Tag Archives: iForm

GIS as an Educational Tool at MUSC

Submitted by Jennifer Rewolinski

Dr. Deborah Williamson is an Associate Professor in the College of Nursing at the Medical University of South Carolina (MUSC), Charleston. Dr. Williamson, Community Health Maps (CHM) and MUSC have partnered in providing training that integrates GIS and CHM tools for a high school Teen Health Leadership Program. Dr. Williamson has worked with both community members and students.

wilmsnd

Dr. Deborah Williamson (MUSC)

Dr. Williamson believes that, “GIS has the potential to substantially increase community engagement and is truly a concept of the neighborhood taking control of their data.” She notes that while researchers might study a community, that a community’s input is essential to understanding the cultural and environmental context surrounding health issues: “GIS mapping puts the community members on more of a level playing field with their research partners.” GIS can empower and educate community members to identify their key issues, to become a part of an analysis, and to provide solutions. When communities are given the opportunity to map their own health, discovery, and awareness, positive changes can result.  When a community feels it has more of a say through engagement with GIS, or communication with a map, intervention is more likely to be effective.

For the past three semesters, Dr. Williamson has used GIS in her own classroom as a capstone project for population health students.  They, “find it fun and can take it with them into other settings, it fits into the world of new technology, and it takes people to the next step of looking at health issues.” Mapping offers a different way to help students visualize Social Determinants of Health and to make the connection between what population health is, and the factors that promote or deter it.

IMG_9585_v2

MUSC students presenting their capstone work at the APTR Conference in Albuquerque (April 2016)

Finally, Dr. Williamson sees GIS as bi-directional: it supports visualizing gaps and assets while also providing the ability to disseminate and build on information via intervention programs to improve health outcomes and strengthen communities. GIS is also broadly applicable to almost any discipline and easily used by those with little expertise. “Presenting raw data to a community or students doesn’t mean a lot,” Dr. Williamson comments, “but when that same data is aggregated visually it instantly communicates a message to any audience.” GIS is clearly suitable as an effective educational tool in the classroom and in communities.

CHM thanks Dr. Williamson for her continued collaboration and time spent advancing the CHM program through use of the CHM tools at MUSC. CHM values our partnership with MUSC and hope that the future is as mutually beneficial as the past few years.

Field data collection for the CHM workflow bridges the divide between learning in a classroom and experiencing conditions in a community. For the capstone project, students use CHM labs and parts of the CHM workflow, including phone data collection with iForm or Fulcrum, integration of the data into QGIS, and presenting the data with Carto or Google Maps. Dr. Williamson’s students often upload their data from iForm to Google Maps because of its familiarity and easy access.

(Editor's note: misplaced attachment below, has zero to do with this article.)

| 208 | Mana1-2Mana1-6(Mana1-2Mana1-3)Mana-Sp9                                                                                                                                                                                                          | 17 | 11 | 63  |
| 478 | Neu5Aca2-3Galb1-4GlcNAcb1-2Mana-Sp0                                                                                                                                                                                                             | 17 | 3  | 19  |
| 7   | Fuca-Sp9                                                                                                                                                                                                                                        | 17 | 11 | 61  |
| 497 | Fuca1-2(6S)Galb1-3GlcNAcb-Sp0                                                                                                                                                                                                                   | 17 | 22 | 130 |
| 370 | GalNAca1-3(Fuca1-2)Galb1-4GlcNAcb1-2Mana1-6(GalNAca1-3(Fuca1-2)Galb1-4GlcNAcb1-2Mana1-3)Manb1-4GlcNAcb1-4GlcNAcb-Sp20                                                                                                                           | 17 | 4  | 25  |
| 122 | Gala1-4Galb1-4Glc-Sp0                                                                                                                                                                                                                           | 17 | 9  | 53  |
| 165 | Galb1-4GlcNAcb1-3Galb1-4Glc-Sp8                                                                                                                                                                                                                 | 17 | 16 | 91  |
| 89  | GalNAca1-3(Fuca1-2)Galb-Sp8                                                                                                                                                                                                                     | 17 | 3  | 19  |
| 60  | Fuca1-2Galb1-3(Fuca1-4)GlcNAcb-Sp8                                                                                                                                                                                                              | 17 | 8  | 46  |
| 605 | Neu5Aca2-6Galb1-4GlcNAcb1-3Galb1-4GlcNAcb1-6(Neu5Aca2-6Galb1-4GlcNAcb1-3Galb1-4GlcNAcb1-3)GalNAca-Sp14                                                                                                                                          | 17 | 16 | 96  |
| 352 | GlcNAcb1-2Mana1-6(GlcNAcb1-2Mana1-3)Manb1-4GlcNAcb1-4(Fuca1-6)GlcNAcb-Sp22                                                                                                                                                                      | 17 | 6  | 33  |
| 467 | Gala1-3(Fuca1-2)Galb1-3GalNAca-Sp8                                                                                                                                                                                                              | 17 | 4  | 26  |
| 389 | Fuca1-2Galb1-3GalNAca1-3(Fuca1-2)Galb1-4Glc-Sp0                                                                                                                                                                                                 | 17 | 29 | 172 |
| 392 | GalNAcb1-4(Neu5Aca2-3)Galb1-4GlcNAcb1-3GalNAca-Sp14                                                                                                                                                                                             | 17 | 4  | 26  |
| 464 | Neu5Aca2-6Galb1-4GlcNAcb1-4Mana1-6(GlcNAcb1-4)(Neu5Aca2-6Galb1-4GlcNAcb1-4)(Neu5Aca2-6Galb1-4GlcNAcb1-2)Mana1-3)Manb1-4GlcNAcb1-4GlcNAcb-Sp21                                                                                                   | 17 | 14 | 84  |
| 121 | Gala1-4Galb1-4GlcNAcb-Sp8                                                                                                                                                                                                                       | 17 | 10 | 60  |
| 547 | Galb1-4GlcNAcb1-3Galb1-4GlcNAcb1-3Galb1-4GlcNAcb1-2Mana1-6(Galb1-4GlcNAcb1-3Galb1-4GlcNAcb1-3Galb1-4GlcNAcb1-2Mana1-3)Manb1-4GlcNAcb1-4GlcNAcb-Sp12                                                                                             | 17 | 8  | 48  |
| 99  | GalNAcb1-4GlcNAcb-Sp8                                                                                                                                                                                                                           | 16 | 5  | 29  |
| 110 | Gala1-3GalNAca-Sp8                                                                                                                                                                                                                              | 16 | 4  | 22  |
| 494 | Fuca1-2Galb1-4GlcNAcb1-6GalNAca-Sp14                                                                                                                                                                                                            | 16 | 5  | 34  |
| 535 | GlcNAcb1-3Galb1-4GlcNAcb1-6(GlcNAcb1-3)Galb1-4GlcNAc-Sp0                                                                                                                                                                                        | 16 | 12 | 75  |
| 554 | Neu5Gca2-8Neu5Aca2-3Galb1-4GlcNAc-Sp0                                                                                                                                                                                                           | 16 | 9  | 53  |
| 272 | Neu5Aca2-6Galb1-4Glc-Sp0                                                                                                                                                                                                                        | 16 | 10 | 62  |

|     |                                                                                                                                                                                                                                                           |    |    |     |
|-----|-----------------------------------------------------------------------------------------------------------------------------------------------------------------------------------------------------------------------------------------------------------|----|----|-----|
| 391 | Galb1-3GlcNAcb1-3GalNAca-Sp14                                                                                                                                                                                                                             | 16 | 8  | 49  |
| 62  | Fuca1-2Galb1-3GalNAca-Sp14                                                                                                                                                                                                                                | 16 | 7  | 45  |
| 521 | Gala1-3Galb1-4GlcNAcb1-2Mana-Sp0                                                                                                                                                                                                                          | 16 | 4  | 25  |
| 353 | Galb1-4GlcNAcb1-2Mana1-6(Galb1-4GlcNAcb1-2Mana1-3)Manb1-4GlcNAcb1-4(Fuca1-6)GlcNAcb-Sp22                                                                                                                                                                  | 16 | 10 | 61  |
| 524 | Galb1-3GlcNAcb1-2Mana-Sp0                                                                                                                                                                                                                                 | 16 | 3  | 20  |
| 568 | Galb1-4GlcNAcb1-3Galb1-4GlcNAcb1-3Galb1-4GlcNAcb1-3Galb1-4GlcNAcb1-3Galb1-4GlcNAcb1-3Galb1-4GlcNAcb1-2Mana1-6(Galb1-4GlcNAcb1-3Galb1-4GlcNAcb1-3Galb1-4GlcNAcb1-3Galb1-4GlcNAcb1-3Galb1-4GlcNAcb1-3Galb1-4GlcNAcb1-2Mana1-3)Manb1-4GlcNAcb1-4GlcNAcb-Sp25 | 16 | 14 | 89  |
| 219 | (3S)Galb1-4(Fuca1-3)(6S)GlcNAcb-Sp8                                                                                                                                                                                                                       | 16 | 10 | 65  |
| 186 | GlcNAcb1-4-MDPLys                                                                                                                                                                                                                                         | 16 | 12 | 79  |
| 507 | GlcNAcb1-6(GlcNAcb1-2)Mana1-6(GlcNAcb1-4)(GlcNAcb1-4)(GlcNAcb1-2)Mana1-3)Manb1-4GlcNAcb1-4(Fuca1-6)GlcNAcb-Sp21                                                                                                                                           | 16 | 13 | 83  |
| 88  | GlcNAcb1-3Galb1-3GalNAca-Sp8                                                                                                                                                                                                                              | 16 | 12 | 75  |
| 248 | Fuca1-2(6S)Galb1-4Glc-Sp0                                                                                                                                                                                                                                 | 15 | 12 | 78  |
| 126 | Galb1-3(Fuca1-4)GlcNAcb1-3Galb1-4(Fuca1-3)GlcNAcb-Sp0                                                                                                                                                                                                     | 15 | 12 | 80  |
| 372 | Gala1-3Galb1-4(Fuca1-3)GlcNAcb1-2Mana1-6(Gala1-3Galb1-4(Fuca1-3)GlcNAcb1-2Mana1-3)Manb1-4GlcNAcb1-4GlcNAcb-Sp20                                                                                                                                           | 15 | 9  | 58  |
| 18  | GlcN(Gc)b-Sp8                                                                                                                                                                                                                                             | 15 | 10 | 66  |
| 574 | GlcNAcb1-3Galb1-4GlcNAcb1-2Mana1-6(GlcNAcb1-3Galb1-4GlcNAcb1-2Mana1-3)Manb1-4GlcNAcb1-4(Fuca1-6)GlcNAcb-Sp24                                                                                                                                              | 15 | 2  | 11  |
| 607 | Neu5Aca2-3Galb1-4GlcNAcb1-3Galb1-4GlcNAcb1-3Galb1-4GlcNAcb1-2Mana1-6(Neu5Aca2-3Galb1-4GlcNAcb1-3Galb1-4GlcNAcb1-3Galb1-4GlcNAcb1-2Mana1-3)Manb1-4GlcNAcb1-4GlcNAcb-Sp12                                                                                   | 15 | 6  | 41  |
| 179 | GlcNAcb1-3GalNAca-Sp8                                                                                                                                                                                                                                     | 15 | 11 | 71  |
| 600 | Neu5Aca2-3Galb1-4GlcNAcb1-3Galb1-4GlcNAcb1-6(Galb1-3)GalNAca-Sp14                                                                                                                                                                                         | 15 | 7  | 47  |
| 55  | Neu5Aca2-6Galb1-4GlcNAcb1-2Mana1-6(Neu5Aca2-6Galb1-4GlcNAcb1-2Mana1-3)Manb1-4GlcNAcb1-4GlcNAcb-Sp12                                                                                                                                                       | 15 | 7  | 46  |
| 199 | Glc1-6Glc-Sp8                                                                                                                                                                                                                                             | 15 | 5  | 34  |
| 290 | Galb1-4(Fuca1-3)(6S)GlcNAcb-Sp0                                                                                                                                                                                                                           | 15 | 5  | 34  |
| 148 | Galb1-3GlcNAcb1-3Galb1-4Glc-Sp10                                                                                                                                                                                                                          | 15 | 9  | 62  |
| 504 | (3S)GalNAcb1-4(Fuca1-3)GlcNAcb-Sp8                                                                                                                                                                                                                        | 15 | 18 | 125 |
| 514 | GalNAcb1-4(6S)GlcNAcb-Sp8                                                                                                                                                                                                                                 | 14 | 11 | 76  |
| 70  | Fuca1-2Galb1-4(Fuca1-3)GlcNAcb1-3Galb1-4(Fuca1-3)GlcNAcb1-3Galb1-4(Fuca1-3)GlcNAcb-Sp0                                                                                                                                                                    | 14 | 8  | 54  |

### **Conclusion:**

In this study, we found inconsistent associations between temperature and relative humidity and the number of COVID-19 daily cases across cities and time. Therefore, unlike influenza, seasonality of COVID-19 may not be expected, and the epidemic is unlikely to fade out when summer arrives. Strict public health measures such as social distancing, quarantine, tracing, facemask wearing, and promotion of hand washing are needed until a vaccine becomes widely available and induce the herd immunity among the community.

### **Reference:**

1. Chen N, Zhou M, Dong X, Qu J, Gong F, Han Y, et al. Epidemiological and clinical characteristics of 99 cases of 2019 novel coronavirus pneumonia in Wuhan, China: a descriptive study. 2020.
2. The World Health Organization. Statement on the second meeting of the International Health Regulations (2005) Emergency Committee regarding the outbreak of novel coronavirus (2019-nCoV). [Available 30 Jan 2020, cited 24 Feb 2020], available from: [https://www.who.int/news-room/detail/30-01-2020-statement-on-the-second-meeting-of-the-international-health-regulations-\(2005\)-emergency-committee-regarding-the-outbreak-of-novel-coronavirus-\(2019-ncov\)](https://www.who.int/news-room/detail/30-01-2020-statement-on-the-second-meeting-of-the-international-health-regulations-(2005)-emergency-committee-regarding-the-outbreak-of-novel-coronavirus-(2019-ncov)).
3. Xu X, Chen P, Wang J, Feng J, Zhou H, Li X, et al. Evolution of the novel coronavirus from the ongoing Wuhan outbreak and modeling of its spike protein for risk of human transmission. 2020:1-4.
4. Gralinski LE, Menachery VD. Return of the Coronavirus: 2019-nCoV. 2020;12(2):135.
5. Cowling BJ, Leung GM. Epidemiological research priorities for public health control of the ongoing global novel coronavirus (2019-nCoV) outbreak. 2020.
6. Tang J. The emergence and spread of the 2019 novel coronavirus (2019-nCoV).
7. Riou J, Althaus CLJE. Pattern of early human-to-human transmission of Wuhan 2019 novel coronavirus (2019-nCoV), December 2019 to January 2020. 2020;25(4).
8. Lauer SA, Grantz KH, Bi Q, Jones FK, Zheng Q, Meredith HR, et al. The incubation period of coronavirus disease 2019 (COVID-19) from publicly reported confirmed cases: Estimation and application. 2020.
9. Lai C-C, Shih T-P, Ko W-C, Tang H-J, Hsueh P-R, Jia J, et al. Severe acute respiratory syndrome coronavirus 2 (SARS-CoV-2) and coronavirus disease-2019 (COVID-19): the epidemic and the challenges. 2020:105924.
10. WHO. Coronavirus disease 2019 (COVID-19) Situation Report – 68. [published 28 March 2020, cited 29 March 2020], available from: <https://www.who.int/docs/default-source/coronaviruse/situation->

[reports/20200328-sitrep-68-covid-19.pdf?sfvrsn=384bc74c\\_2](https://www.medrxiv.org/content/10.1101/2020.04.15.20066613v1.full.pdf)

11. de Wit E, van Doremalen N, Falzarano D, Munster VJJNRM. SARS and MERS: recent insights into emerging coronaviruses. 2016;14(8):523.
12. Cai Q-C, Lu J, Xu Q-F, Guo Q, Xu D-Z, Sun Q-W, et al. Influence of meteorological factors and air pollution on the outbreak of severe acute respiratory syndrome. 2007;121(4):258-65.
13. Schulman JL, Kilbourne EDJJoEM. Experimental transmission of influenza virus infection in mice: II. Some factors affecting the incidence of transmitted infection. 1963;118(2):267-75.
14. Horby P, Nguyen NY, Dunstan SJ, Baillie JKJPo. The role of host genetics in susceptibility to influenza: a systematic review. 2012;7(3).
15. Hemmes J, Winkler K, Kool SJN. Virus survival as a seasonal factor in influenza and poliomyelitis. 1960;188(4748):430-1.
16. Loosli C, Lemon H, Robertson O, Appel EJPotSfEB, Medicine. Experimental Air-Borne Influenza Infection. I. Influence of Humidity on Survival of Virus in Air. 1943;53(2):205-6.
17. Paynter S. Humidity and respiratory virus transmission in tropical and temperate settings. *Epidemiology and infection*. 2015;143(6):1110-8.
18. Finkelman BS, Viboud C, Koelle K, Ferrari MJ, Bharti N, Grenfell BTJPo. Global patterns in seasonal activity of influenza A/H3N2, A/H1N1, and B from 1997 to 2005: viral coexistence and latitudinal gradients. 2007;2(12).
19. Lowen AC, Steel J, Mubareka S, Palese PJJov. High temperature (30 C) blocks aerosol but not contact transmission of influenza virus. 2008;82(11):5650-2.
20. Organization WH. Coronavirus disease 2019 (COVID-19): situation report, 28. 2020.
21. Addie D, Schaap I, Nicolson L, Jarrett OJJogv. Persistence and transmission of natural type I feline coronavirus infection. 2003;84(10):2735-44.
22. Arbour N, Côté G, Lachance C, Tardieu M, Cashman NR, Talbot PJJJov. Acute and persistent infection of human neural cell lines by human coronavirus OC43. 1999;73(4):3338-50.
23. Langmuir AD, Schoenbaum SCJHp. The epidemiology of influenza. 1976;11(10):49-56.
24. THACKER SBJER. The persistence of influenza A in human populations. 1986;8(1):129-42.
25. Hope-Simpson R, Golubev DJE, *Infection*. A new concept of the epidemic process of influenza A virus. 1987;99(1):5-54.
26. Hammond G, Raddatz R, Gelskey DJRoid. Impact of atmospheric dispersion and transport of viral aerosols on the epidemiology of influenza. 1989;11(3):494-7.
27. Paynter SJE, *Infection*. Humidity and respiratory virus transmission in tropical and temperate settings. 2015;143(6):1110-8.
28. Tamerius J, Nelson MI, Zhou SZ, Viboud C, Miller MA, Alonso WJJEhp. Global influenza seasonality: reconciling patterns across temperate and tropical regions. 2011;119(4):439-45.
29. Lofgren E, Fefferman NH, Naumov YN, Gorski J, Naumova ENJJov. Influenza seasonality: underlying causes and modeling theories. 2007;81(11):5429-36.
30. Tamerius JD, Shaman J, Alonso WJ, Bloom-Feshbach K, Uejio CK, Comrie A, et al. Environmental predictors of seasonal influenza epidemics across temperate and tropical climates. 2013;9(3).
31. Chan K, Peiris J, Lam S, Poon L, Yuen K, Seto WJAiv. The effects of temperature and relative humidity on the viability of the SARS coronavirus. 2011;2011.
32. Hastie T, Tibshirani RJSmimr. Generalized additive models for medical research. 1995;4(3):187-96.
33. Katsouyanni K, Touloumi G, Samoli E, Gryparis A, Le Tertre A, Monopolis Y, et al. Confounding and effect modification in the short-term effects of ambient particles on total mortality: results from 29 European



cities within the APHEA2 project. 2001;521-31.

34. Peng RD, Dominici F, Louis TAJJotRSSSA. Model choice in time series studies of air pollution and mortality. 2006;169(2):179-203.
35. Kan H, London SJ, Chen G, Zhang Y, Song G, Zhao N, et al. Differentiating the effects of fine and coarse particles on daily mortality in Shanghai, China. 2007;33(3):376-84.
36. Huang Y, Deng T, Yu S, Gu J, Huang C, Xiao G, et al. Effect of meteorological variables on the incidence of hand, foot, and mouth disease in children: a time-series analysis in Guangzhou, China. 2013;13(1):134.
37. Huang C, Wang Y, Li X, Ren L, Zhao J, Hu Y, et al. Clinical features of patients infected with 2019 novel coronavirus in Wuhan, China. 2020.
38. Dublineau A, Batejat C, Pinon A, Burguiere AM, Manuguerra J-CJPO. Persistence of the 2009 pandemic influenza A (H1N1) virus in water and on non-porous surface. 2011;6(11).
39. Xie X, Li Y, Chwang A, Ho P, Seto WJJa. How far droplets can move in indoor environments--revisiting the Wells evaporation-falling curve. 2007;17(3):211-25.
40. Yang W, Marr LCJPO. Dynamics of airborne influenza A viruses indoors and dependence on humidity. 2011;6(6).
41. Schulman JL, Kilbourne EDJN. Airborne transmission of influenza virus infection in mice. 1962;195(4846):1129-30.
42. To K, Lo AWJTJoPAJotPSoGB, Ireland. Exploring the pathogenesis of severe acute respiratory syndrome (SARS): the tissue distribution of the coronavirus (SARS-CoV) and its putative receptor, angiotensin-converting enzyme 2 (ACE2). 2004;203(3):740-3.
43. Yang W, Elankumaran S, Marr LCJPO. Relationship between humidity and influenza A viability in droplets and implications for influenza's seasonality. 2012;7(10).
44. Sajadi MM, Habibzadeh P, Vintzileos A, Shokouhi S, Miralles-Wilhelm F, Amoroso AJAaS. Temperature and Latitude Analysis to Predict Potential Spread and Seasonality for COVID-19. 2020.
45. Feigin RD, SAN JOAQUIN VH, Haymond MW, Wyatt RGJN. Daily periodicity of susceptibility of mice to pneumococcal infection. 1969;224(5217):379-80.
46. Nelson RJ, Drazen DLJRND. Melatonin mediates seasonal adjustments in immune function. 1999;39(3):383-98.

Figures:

One student project involved identifying migrant camps as a community in need, and assessing the community through surveys and key informant interviews.  When the data showed that migrant workers often lack knowledge of health information and access to healthcare services, students mapped locations of migrant camps near Charleston, SC in relation to urgent care facilities and shared the data with the migrant outreach workers from a local community health center. Later, an intervention was developed to provide hands on CPR and first aid instruction to 60 workers. This project displays successful application of CHM tools in an educational and community context resulting in an intervention that may offer real change.

CharlestonMigrantMap.png

Map of MUSC Population Health student’s capstone project showing the locations of migrant camps and urgent care facilities in Charleston, SC.

Wildly Successful Community Health Mapping Workshops at MUSC!

Community Health Maps (CHM) conducted it’s largest and most successful workshops ever at the end of September at the Medical University of South Carolina (MUSC). The training at MUSC was divided into three workshops and a presentation. The attendees were a mix of professors, students and researchers, most of whom had little to no experience with GIS. Despite this fact, nearly everyone was able to collect data and make a map. This is a testament to the easy to use nature of the CHM workflow.

It began Monday morning with the first workshop. This was an Intermediate Session for those Community Health Mappers who had been working on projects since the April CHM workshop. We spent two hours covering more advanced topics and answering project specific questions.